In a bummer of a year, the Los Angeles Dodgers were a bright spot in 2020. But for a moment, it looked like they were following a familiar script in October.
They were the best team in the majors during the regular season in 2020, after having the best MLB record in 2017 and the best NL record in 2019. Despite a best-in-baseball .631 winning percentage over the last four years — a 102-win pace over 162 games — the Dodgers were about to have no championship to show for it. Down three games to one to the Braves in the NLCS, the Dodgers’ season was going to end before they reached their ultimate goal. Again.
This season was supposed to be different. The Dodgers were already prohibitive favorites to win an eighth consecutive division title, but then in February they traded for Mookie Betts, at worst a top-five player in baseball in his prime. They had an embarrassment of riches, and it showed during a pandemic-truncated regular season. The Dodgers won over 70% of their games, they led baseball in runs scored, were second in runs allowed, and outscored their opponents by more than two runs per game, a truly dominant team.
The Dodgers swept their way through the first two rounds of an expanded playoff series, but then ran into some trouble against the formidable Braves, who won three of the first four games in the NLCS. In the sixth inning of Game 5, Atlanta led 2-1, putting the Dodgers just 10 outs away from elimination.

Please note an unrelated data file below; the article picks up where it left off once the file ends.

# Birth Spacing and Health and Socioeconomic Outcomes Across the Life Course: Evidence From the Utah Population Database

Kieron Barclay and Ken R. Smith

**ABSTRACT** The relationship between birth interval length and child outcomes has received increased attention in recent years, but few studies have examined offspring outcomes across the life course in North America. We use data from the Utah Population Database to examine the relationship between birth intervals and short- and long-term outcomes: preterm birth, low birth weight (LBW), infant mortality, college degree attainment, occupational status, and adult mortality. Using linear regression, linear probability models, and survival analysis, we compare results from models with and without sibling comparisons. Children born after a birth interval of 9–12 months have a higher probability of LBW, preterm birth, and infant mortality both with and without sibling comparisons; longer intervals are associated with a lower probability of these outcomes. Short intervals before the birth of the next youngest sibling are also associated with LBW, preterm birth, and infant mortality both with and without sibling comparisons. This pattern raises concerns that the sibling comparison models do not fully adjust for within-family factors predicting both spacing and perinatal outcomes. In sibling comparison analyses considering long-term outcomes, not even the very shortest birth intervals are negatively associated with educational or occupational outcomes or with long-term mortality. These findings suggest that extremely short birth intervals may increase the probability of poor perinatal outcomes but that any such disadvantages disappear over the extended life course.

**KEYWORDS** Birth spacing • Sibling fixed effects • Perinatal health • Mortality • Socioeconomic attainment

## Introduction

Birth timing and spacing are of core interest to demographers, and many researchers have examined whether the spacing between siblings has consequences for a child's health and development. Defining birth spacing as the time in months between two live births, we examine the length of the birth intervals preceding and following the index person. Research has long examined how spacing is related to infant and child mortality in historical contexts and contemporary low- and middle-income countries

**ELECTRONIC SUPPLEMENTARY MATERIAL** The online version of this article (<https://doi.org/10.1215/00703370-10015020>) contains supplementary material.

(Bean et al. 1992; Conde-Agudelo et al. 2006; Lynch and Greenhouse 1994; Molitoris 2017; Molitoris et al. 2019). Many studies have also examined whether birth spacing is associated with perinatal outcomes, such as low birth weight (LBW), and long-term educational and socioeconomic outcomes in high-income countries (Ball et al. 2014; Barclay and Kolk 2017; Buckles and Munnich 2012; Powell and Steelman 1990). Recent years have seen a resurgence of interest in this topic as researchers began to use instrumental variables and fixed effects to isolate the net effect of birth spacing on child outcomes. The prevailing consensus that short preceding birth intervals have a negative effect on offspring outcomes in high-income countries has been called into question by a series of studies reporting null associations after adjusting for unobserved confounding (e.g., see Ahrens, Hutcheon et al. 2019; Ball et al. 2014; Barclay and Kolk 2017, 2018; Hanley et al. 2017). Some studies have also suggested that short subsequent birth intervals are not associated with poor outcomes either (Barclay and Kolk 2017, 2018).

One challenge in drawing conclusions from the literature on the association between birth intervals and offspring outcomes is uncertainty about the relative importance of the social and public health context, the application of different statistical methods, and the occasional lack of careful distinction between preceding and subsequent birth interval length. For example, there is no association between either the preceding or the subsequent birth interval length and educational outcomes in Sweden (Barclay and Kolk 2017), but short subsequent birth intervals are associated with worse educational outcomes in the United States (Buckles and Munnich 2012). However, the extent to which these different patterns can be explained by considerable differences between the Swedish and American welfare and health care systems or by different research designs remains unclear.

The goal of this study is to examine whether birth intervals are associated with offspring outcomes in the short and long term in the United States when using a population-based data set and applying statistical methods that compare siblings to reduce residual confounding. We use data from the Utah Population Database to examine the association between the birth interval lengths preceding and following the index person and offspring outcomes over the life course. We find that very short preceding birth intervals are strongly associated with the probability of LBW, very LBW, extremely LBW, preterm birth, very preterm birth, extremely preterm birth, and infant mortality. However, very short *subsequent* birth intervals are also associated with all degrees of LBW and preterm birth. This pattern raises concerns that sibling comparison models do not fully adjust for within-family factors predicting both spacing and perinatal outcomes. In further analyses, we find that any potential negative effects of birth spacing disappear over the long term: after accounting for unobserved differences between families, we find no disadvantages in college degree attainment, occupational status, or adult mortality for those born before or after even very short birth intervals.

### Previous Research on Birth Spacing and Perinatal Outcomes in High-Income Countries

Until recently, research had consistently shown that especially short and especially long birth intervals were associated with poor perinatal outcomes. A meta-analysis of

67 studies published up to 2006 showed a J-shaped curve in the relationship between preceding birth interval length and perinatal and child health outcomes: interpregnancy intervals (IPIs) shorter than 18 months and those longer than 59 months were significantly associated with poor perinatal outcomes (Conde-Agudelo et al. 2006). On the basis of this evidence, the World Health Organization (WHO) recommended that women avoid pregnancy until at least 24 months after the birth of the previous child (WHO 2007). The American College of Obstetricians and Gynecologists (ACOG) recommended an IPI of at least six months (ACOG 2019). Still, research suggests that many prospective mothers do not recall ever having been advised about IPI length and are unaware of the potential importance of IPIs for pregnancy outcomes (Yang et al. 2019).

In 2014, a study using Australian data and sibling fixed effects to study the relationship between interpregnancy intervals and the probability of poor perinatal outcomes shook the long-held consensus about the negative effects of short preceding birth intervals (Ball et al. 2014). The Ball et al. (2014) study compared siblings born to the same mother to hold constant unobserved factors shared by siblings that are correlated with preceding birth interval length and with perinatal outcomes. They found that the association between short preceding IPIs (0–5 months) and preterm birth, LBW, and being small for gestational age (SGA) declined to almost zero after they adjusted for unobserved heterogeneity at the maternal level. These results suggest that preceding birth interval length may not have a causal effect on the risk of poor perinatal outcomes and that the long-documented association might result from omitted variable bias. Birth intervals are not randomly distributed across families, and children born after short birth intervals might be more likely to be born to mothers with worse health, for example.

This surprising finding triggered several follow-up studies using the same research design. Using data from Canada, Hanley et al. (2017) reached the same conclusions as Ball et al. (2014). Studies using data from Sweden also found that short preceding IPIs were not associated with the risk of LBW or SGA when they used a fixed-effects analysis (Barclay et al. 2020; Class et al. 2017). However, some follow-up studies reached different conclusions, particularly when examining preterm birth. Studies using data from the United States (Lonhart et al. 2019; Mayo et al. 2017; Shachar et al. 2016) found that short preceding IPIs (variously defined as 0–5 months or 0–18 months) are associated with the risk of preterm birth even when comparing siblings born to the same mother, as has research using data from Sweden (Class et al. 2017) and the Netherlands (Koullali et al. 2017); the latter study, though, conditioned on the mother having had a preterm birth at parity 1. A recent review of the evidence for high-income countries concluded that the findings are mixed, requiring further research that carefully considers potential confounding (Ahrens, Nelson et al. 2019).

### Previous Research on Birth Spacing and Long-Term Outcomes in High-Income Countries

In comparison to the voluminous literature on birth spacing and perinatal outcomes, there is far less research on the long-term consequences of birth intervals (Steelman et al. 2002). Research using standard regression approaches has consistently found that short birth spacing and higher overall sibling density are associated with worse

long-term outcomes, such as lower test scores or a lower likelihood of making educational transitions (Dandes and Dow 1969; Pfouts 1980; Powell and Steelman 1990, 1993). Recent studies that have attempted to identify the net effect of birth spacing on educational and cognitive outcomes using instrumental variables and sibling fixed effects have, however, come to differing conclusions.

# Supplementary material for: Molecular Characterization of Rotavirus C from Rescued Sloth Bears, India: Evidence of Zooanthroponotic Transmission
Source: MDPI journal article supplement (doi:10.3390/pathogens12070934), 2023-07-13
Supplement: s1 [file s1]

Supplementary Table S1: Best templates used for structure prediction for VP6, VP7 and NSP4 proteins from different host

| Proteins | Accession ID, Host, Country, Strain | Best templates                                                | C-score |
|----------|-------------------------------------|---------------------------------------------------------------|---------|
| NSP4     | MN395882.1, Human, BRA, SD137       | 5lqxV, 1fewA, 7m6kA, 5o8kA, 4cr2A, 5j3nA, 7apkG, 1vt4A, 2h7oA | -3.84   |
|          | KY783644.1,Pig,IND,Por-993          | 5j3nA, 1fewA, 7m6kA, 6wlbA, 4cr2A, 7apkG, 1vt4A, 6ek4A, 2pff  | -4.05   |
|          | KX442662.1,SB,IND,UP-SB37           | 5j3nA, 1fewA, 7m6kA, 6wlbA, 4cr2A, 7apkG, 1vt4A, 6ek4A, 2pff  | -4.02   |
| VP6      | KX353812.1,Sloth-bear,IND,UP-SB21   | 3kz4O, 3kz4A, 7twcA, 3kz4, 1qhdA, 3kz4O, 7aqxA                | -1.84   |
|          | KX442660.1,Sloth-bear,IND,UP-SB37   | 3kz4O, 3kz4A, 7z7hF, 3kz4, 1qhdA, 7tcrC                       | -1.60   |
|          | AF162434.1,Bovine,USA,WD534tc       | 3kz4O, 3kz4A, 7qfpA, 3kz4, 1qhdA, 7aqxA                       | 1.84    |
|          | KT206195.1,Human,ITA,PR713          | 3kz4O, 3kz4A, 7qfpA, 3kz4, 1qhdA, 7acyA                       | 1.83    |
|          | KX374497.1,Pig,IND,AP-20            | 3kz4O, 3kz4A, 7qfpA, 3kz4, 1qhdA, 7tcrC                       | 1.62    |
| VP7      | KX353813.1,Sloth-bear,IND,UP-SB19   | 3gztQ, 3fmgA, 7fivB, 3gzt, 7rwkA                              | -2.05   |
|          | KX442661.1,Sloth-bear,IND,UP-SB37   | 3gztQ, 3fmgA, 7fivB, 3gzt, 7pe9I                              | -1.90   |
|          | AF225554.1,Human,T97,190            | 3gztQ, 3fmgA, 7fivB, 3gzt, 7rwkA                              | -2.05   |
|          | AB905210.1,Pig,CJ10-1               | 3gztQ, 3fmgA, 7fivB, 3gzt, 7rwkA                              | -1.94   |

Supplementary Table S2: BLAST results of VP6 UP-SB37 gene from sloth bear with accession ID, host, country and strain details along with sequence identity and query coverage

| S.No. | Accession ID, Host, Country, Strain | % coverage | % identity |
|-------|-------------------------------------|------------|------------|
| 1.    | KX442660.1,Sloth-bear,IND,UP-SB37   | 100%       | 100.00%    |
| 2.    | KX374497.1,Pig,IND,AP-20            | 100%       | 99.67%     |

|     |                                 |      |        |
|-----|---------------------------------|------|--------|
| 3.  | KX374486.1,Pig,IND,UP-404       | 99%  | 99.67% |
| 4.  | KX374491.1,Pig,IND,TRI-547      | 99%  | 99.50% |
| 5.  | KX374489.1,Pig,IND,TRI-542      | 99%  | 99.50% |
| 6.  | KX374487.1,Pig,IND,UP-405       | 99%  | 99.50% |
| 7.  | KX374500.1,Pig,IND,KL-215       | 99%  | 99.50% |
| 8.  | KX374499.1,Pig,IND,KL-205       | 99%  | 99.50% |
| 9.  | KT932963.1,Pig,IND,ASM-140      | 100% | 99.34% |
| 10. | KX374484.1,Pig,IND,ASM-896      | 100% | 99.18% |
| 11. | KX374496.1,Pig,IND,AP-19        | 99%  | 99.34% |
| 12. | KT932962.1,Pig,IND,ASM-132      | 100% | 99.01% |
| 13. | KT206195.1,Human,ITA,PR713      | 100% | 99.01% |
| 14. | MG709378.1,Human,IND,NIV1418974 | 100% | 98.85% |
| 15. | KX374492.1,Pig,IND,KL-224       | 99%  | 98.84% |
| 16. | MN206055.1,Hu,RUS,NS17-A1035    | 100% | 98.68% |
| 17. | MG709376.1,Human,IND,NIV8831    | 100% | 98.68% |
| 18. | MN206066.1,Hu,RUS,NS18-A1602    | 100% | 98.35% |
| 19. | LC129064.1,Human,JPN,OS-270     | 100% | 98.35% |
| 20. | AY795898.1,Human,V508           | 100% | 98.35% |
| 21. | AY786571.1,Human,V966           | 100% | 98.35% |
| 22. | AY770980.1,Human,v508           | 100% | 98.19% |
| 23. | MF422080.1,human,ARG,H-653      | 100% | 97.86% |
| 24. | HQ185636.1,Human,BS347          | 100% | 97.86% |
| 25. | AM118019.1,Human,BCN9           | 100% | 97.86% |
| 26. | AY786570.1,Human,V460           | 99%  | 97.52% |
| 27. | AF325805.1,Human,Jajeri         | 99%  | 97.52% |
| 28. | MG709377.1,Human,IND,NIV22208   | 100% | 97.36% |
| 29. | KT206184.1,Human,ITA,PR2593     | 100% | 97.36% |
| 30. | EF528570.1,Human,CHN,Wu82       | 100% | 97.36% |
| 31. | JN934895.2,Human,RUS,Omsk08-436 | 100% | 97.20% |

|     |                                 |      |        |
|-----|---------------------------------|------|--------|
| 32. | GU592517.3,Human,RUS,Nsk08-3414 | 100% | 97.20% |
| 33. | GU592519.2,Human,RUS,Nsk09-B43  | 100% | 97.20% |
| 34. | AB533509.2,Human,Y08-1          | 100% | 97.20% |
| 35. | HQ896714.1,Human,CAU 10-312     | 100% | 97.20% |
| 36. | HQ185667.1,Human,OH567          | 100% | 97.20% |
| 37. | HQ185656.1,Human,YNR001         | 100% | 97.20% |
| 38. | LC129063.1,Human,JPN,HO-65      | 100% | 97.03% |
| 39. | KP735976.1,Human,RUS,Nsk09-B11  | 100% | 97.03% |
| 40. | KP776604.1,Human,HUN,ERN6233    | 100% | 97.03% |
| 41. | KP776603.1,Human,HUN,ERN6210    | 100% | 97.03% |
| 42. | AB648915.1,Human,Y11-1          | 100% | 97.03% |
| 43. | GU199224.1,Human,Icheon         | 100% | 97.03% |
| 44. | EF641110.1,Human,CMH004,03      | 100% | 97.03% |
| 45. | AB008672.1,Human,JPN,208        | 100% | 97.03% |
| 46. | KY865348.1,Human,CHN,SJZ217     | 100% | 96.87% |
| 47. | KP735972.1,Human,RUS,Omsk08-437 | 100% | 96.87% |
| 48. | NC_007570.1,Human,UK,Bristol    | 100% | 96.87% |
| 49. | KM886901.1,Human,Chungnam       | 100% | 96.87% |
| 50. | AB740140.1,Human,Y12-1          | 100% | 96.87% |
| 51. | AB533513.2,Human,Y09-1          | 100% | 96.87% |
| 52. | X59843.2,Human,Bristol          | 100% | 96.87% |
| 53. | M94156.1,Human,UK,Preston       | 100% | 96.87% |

But over the course of the next 50 hours, the Dodgers saved their season.
Game 5 swung in their favor thanks to a wonderful Will Smith vs. Will Smith battle that ended with a three-run home run for the Dodgers catcher, the biggest hit of his young career.
Betts, a sublime all-around talent, made his presence felt with game-changing defensive wizardry in three consecutive games. First up was a shoe-top catch in right field, keeping his balance to stay upright enough to throw home, which triggered a replay review of Marcell Ozuna leaving third base too early on a would-be sacrifice fly.
In Game 6, Betts made a leaping catch at the wall to rob Ozuna of extra bases, then in Game 7 he went over the wall to take a home run away from Freddie Freeman.
Betts more than lived up to the hype in his first year in Los Angeles. He impacted the game in just about every way possible on the field, and finished second in NL MVP voting. He also established himself as a leader, exemplified in two ways. First was a locker room speech early in spring training, challenging the team to be great. Then on Aug. 26 in San Francisco, when the Dodgers decided not to play, to protest racial injustice.
“Once Mookie said he wasn’t going to play, that really started our conversation as a team,” Clayton Kershaw said. “We felt the best thing to do to support him was to not play, with him.”
The Dodgers are Mookie Betts’ team, which is a good thing since he’s signed for the next 12 years.
The comeback, continued
Walker Buehler, who had a 1.80 ERA during the postseason, dominated in Game 6 with six scoreless innings, further solidifying his reputation as a big-game pitcher.
They got a home run in Game 6 from Corey Seager, who also hit two home runs in Game 5, and, oh by the way, hit home runs in Games 2 and 3 as well. Seager just kept hitting all year, but in the postseason he was off the charts. He hit .328/.425/.746 with eight home runs, 20 runs scored, and 20 RBI in 18 postseason games, winning both NLCS MVP and World Series MVP.